All that said, I believe that many have the intellectual capacity to pursue intellectual endeavors outside their business niche, although not all take advantage of it. It’s not clear to me that this ability, though, is highly correlated with the success of such a person or the business they run.

  4. Silviu says:

    Champion chess players in their prime spend 12+ hours each day analyzing games. Same story with any serious athlete, with diet, training, watching film of the opposition. Academics are no exception (think “a beautiful mind”). Exceptional artists… same story.

    Empirically, a lot of these guys are indeed emotionally unstable, or at least highly introverted individuals… think Nash in math or Fischer for chess.

    An economist would say that feeling inadequate/uncomfortable with the “real” world helps lower your opportunity cost for being obsessed with an abstract idea.

    A psychiatrist would say the driver is the feeling of being in control: the math model, chess board, start-up, basketball hoop – they are all more manageable than the real world. They provide the only safe refuge for a paranoid person such as Fishcer.

    Per your friend’s advice: hiring emotionally unstable people means you will get much higher variance employees, with a higher chance of getting a genius. I don’t think this is what most businesses are looking for :-)

  5. Mari says:

    Practically, I feel as though one has to make time for business, and free time: time for intellectual exploration to balance success as an entrepreneur and as a well-knowledged individual.

    – Mari

  6. Krishna says:

    While it’s important for an entrepreneur ( startup or expansionary ) to stay focussed, I don’t think it’s the singular criterion to be applied while screening and selecting a CEO for your business. Shutting yourself from the outside world with just one obsession, I think is extremely limiting in a sense. That limits your vision, it insulates you from the dynamics of a changing world and you are forced to become an introvert…none of these traits help a budding business and it’s leader has to be someone to whom a vision is all important, who is in touch with the world outside and who has to be a permissive personality to imbibe all that affects his community in which he chooses to build his business. The guy is supposed to get extraordinary things done by ordinary people and would you think a sulking scrooge would ever be able to do justice…? Na.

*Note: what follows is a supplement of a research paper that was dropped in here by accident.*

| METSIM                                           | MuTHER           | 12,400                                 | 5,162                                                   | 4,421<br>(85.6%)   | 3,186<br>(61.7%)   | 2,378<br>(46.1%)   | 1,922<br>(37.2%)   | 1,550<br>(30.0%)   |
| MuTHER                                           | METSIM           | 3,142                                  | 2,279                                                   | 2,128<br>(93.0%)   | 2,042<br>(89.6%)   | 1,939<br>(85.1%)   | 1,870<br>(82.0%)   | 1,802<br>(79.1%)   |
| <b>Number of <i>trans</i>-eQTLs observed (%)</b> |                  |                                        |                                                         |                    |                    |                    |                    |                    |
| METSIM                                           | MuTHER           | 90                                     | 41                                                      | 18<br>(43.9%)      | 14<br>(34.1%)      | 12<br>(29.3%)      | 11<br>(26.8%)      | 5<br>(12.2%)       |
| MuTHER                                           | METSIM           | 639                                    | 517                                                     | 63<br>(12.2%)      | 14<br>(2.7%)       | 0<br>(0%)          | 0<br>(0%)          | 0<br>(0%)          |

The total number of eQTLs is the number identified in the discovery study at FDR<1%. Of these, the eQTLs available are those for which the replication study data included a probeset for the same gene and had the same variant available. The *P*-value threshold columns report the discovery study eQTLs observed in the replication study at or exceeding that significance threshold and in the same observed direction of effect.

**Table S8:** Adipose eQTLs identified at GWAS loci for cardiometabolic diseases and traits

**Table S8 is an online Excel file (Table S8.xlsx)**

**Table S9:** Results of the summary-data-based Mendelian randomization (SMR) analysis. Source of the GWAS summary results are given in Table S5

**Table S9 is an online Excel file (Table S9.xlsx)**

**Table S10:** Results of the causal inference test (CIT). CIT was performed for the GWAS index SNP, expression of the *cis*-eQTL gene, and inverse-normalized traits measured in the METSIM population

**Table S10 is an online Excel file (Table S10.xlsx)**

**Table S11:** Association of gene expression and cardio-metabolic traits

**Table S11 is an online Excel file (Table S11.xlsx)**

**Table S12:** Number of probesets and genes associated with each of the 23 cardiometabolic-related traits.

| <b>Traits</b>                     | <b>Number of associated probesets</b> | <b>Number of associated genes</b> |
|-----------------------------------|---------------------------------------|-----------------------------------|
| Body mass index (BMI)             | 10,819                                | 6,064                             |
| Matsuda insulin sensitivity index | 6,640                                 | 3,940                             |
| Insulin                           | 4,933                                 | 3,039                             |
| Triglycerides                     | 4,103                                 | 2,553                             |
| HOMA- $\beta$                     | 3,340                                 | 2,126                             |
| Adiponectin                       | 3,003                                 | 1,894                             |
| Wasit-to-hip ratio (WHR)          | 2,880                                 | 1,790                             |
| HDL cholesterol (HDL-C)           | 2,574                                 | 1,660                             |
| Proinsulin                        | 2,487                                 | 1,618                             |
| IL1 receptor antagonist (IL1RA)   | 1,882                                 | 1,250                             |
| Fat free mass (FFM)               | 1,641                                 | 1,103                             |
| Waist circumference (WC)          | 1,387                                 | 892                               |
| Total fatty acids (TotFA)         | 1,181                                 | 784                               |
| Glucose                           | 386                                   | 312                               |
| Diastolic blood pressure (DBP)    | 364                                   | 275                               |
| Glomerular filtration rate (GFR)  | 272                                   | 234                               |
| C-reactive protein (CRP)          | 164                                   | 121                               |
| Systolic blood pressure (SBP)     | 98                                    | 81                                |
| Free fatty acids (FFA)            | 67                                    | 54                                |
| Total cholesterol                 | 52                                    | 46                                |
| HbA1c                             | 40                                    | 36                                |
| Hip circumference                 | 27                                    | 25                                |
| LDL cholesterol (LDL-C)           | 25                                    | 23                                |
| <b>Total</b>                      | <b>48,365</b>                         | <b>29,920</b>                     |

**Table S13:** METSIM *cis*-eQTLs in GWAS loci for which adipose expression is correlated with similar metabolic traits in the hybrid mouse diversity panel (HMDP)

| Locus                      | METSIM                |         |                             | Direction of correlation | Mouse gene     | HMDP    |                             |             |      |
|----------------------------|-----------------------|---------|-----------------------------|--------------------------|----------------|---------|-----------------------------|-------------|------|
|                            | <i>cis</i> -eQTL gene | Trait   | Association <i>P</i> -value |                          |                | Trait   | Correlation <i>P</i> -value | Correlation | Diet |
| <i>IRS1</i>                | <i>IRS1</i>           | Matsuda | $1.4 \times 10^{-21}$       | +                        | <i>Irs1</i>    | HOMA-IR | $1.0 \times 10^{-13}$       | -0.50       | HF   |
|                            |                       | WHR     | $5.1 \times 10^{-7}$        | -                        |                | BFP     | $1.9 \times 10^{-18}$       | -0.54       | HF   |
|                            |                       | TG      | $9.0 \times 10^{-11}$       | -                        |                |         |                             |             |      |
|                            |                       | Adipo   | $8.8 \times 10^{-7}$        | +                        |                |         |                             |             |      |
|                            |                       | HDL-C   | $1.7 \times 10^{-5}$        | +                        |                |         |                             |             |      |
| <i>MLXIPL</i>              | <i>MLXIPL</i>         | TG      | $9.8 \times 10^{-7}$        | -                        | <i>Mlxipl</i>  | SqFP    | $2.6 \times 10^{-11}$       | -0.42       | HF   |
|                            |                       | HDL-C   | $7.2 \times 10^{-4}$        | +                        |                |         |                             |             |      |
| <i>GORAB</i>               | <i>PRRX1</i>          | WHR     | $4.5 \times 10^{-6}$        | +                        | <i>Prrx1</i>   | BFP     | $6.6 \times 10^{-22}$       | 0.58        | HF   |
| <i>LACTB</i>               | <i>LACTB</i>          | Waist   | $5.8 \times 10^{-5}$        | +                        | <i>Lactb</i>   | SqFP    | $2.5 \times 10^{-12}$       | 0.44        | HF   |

7. Chris Yeh says:

    Tunnel vision is not a prerequisite for startup success. It’s true that many successful founders are workaholics, but this may simply be a reflection of the fact that the driven are more likely to start companies.

    There is no proof that given an equal population of entrepreneurs, the more single-minded will be more successful.

    A better question is what kind of life you are willing to lead. It’s better to establish a fixed mode of living, and then to optimize the other variables for business success, than to establish “success” as your goal, and then try to find a life within those constraints that will make you happy.

    Better to be happy and “unsuccessful” than unhappy and “successful.”

    Of course, for some people (the aforementioned tunnel vision entrepreneurs), success is the sole objective, and they assume that they will be unhappy if “unsuccessful.”

    I’ll leave it to the reader to decide for him or herself whether or not those tunnel vision entrepreneurs are correct or mistaken.